The new UWA Research Repository can be accessed at the following link: http://research-repository.uwa.edu.au. Please update your favourites accordingly
Refine your search
Brief view Table view Full view
Sort by:
Record 1 of 1 1

SFX
Complex Object
 
The nature, origin and timing of gold mi The nature, origin and timing of gold mi... - Complex Object ()
Title
The nature, origin and timing of gold mineralisation in proterozoic rocks of the Peak Hill district, Western Australia / S.E. Thornett
Author
Year
1995
Abstract
The gold mines at Peak Hill lie within a group of deposits in the western part of the Proterozoic Nabberu Basin, which rests unconformably upon the northern margin of the Yilgarn Craton. The Peak Hill deposits are hosted by mafic and pelitic schist which appears to overlie the southwestern projection of the Marymia Dome. The main objectives of this study were to establish the controls on gold mineralisation, in particular the structural setting, timing, nature and physical conditions of emplacement of the ore-forming fluids. Three deposits, at Peak Hill - Fiveways, Mount Pleasant and Jubilee were studied and compared. All of these deposits lie in different stratigraphic positions in rocks of the Peak Hill Metamorphic Suite. Gold occurs mainly in pelitic schist, in close proximity to bodies of mafic schist or metadolerite, and commonly shows an intimate relationship with graphitic schist. The host rocks are highly deformed, with evidence of early thrusting and layer-pardllel fabric development (Sl). Three later phases of folding are recognised; the earliest is manifested in asymmetric recumbent folds, with the two younger fold generations producing interference folds which define the Peak Hill Dome. D4 folds and associated shear zones are identified as the principal structures controlling gold mineralisation, but earlier (D1) shear zones also appear to be mineralised. In the vicinity of the three deposits studied, regional metamorphism has reached amphibolite facies conditions, with geothermometry on prograde assemblages giving temperatures of 535 to 620°C. Phengite geobarometry, on corresponding assemblages, indicates high minimum pressures of 6.5 to 7 kbar. Intense retrograde alteration accompanies gold mineralisation in D4 shear zones and folds, and comprises hydrous alteration assemblages rich in Fe, K, S, CO2 and possibly Na. Alteration assemblages contain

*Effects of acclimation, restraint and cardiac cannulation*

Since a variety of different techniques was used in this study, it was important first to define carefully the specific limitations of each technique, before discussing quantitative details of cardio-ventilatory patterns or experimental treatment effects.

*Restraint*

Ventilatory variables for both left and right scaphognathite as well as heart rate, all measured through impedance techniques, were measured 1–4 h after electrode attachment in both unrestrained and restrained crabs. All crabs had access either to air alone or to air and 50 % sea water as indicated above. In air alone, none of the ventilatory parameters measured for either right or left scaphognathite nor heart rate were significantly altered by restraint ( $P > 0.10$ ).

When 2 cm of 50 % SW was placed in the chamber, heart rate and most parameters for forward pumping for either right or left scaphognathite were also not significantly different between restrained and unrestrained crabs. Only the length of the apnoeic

Fe-chlorite, biotite, white-mica, albite, garnet, pyrite, carbonate, tourmaline and fluorite.
Thermometric evidence from the Fe-chlorite and low-albite indicates crystallisation temperatures of between 250 to 375°C. The deposition temperature of much of the gold is also inferred to lie within this range. Higher temperatures (530 to 620°C) obtained from apparently retrograde garnet-biotite grain pairs in strongly altered rocks, may signify an extended history of shear zone development and alteration (possibly D1), and perhaps mineralisation. Fluid inclusion petrography on gold mineralised quartz veins indicates that the hydrothermal fluid associated with mineralisation was H2O rich and moderately saline, with some CO2 and possibly minor CH4. Thirty to fifty percent of the fluid inclusions are vapour-rich, suggesting that mineralised fluids were trapped in a relatively lowpressure environment where phase separation was common. Lead-isotope data, from galena and lead tellurides which are intimately associated with gold mineralisation, suggest that the Peak Hill mineralisation is broadly synchronous with other Glengarry and Nabberu deposits at 1.9 - 1.8 Ga. Data from Nathans and Labouchere, in the west of the Glengarry Fold Belt, indicate that the lead is derived from the underlying Archaean Yilgam basement of the Murchison Province. However, results from Peak Hill and the Marymia Mine suggest that lead in these two deposits has the same, non-Yilgarn, source. Although Peak Hill is geographical close to the deposits of the western Glengarry Fold Belt, and shares some geological characteristics, the leadisotope data suggest that the Peak Hill gold mineralisation is more closely related to the deposits of the Marymia Dome. This is consistent with structural and geological indications that the Marymia Dome is the basement beneath the Peak Hill Metamv;phic Suite.
Identifier
http://repository.uwa.edu.au:80/R/-?func=dbin-jump-full&object_id=34947&silo_library=GEN01
Subject
Department/School
Type
Thesis (M.Sc.)--University of Western Australia, 1995
Persistent URL
http://repository.uwa.edu.au:80/R/-?func=dbin-jump-full&object_id=34947&silo_library=GEN01
Related collections
> Theses